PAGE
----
[14] Faye Swanberg, “Folks Remembered,” Alger Footprints, 12, 4, (Dec., 1988), 2; Munising Republican, June 13, 1902.

[15] National Park Service. Tourism’s Economic Benefit. HTM. April 25, 2016.

[16] National Park Service. Pictured Rocks an Administrative History. PDF. 2002.

Bibliography

“A Report on Pictured Rocks Area, Alger County, for State Park and Game Refuge.” Michigan Recreation Search Site Details Page. August 25, 1924. Accessed December 04, 2017.http://www.michigandnr.com/parksandtrails/Details.aspx?type=SPRK&id=457.

“Backcountry Camping.” National Parks Service. Accessed December 04, 2017.           https://www.nps.gov/piro/planyourvisit/backcountry.htm.

Backcountry Map. https://www.nps.gov/piro/planyourvisit/upload/BackcountryMap.pdf.

“Days in Session of the U.S. Congress | Congress.gov …” Accessed December 4, 2017. https://www.bing.com/cr?IG=85EA4C01EE364B029CF9995456DB73FD&CID=356BBDEDB10660A279E7090DA1667B6&rd=1&h=EpppHe8hB4BI5q_q8cgwrRR_LpbY1SyCqfPljoxhDw&v=1&r=https%3a%2f%2fwww.congress.gov%2fdays-insession&p=DevEx,5068.1.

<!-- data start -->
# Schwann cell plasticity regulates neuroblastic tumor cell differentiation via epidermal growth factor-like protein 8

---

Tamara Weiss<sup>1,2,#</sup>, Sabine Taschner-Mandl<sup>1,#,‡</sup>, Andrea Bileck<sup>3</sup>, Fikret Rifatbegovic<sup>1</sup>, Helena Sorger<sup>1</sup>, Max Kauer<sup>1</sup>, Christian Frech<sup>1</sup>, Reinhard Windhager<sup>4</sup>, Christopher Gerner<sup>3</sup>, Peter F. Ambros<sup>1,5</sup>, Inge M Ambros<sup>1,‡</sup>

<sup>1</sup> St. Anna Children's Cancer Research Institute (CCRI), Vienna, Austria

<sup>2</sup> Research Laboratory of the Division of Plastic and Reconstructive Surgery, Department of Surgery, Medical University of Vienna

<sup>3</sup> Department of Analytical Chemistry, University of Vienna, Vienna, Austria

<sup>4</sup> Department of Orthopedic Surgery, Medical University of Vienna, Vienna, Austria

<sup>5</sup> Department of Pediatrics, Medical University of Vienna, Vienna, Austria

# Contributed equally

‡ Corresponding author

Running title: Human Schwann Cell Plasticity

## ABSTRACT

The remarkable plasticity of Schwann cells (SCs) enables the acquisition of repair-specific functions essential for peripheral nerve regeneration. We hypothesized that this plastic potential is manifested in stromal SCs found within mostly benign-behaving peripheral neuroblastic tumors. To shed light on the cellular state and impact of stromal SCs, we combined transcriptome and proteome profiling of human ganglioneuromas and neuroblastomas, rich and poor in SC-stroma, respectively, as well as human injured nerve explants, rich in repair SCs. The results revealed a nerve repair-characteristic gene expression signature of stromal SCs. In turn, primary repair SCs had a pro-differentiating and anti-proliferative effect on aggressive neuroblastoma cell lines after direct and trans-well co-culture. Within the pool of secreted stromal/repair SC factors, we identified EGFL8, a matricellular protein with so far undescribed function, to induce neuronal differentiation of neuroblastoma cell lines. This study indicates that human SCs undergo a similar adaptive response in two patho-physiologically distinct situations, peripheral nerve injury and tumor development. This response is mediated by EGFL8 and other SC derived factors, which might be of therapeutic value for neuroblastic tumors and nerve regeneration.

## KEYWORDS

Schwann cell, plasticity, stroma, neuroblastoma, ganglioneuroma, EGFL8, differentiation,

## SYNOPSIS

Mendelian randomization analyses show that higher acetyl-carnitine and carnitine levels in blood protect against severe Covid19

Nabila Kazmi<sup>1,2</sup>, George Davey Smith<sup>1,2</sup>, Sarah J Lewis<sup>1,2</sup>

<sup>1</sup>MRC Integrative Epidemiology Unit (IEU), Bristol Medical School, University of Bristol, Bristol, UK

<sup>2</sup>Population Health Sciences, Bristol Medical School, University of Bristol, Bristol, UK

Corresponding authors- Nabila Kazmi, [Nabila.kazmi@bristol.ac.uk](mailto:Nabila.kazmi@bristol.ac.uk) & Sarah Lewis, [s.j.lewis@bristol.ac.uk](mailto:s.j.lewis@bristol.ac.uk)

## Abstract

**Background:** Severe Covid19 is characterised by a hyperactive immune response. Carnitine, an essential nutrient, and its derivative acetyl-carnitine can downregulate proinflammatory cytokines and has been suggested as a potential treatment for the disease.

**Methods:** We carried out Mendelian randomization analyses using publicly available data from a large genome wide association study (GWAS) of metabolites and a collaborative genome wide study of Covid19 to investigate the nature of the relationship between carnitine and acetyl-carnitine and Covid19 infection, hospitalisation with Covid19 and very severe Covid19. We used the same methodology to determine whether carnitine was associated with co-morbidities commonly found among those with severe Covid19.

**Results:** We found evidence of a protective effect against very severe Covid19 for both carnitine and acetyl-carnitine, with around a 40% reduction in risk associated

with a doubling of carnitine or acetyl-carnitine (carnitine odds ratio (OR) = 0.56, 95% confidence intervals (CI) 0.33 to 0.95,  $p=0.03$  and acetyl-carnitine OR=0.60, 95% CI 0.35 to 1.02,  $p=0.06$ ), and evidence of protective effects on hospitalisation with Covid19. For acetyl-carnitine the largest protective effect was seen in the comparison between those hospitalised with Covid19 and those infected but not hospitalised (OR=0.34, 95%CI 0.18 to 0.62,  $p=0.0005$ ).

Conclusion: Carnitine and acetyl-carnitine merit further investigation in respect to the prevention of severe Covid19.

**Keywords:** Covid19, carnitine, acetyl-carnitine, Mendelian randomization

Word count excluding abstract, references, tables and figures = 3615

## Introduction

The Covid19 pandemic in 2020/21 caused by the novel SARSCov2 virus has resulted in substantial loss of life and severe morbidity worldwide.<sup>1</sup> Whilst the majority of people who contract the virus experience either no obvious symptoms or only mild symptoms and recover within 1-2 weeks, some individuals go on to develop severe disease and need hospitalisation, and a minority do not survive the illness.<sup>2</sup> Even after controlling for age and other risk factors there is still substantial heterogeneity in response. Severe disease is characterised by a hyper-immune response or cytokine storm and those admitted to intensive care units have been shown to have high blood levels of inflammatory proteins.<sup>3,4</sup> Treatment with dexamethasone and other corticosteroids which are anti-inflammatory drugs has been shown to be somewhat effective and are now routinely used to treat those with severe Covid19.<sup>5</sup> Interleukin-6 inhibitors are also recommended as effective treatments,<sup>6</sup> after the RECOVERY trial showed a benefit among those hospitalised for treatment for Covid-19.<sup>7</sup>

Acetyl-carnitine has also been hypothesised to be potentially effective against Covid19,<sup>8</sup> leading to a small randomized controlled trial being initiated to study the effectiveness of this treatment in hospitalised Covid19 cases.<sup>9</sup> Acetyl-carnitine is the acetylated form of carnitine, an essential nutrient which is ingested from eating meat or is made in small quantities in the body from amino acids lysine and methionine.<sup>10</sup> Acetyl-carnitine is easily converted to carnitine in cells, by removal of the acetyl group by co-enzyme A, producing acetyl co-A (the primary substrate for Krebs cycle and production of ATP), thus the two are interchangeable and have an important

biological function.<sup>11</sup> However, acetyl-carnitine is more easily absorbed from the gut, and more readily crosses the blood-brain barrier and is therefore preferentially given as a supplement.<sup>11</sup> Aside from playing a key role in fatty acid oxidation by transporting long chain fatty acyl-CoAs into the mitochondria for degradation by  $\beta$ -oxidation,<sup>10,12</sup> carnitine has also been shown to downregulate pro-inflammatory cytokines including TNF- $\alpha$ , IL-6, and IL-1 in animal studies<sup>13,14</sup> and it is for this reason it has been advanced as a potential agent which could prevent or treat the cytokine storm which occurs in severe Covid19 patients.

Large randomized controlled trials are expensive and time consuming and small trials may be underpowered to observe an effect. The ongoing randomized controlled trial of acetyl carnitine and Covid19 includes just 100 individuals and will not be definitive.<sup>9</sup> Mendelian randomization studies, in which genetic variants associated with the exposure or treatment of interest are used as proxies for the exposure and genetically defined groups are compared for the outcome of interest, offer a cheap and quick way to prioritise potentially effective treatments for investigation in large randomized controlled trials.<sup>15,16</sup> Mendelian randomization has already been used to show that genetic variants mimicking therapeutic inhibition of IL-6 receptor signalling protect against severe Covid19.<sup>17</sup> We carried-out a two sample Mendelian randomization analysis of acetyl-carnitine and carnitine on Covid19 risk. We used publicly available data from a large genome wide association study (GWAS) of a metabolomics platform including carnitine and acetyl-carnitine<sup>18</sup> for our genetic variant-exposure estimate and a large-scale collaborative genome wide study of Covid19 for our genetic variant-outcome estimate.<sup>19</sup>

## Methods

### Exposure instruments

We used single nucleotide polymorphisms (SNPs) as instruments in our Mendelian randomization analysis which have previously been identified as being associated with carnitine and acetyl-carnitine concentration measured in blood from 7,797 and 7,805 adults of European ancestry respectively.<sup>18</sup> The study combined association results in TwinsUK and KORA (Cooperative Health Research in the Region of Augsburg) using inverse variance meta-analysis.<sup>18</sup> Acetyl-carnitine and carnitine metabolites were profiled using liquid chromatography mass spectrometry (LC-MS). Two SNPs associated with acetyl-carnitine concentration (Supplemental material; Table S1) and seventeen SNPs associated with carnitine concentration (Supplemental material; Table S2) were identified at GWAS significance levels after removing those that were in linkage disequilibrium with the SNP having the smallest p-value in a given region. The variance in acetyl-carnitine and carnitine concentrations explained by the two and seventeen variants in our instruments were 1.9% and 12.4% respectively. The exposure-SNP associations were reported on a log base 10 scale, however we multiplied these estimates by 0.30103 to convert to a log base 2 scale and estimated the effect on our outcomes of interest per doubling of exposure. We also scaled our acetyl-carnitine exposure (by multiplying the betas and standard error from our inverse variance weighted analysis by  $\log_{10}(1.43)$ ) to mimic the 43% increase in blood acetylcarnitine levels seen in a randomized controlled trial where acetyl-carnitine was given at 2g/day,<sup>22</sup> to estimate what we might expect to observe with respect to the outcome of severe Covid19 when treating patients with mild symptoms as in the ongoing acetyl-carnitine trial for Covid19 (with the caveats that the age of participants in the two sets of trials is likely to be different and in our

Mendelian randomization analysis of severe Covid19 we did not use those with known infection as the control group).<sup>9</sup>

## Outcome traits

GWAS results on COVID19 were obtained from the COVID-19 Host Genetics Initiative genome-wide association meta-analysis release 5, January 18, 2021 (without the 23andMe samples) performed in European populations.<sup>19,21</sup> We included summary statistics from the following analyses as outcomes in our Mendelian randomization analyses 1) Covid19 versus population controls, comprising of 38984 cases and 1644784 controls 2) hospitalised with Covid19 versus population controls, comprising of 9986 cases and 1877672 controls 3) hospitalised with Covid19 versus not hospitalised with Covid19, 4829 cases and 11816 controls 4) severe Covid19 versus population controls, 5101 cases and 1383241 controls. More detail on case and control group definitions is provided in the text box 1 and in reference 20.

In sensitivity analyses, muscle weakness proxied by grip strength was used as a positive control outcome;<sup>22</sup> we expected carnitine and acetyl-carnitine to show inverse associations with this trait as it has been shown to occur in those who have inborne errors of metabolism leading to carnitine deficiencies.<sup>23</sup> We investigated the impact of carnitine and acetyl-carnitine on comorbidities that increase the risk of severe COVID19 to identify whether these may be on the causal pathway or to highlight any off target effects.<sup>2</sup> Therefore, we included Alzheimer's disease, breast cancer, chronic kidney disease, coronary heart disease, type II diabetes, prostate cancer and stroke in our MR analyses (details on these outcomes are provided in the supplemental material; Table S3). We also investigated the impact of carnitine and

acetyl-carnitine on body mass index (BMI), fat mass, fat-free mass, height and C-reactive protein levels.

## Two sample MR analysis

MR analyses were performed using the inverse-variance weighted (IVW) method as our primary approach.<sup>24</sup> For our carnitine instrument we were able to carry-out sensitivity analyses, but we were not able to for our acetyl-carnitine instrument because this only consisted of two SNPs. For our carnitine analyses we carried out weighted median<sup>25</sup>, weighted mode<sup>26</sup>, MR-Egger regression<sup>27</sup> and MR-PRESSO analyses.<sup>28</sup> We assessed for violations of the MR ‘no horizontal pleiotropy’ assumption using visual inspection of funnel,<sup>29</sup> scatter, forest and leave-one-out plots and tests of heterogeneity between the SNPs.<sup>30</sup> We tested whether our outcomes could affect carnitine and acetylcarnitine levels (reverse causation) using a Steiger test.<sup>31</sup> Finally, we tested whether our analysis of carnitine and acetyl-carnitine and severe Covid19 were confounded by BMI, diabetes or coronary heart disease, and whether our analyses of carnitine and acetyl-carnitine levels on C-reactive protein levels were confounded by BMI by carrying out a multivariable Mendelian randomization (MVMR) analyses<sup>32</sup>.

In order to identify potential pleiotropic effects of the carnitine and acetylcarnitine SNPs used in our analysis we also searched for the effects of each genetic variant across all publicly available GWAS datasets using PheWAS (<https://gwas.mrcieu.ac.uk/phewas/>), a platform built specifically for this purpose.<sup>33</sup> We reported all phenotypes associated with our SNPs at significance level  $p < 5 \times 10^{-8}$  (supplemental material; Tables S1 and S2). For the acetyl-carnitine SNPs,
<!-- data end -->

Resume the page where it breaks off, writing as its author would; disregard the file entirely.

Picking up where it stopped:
“Logging History.” National Parks Service. 2010. Accessed December 05, 2017.         https://www.nps.gov/piro/learn/historyculture/index.htm.

MacMullan, Ralph A. Hearing Statement, Pictured Rocks National Lakeshore: Hearing Before the Subcommittee on Public Lands of the Committee on Interior and Insular Affairs, United States Senate, Eighty-Eighth Congress, Second Secession on S. 1143. Escanaba.  Michigan, July 20. 1964 (Washington, D.C.: U.S. Government Printing Office, 1964),20-21 [hereafter cited as Pictured Rocks Hearing, Escanaba].MI: Alger County Historical Society, 1986.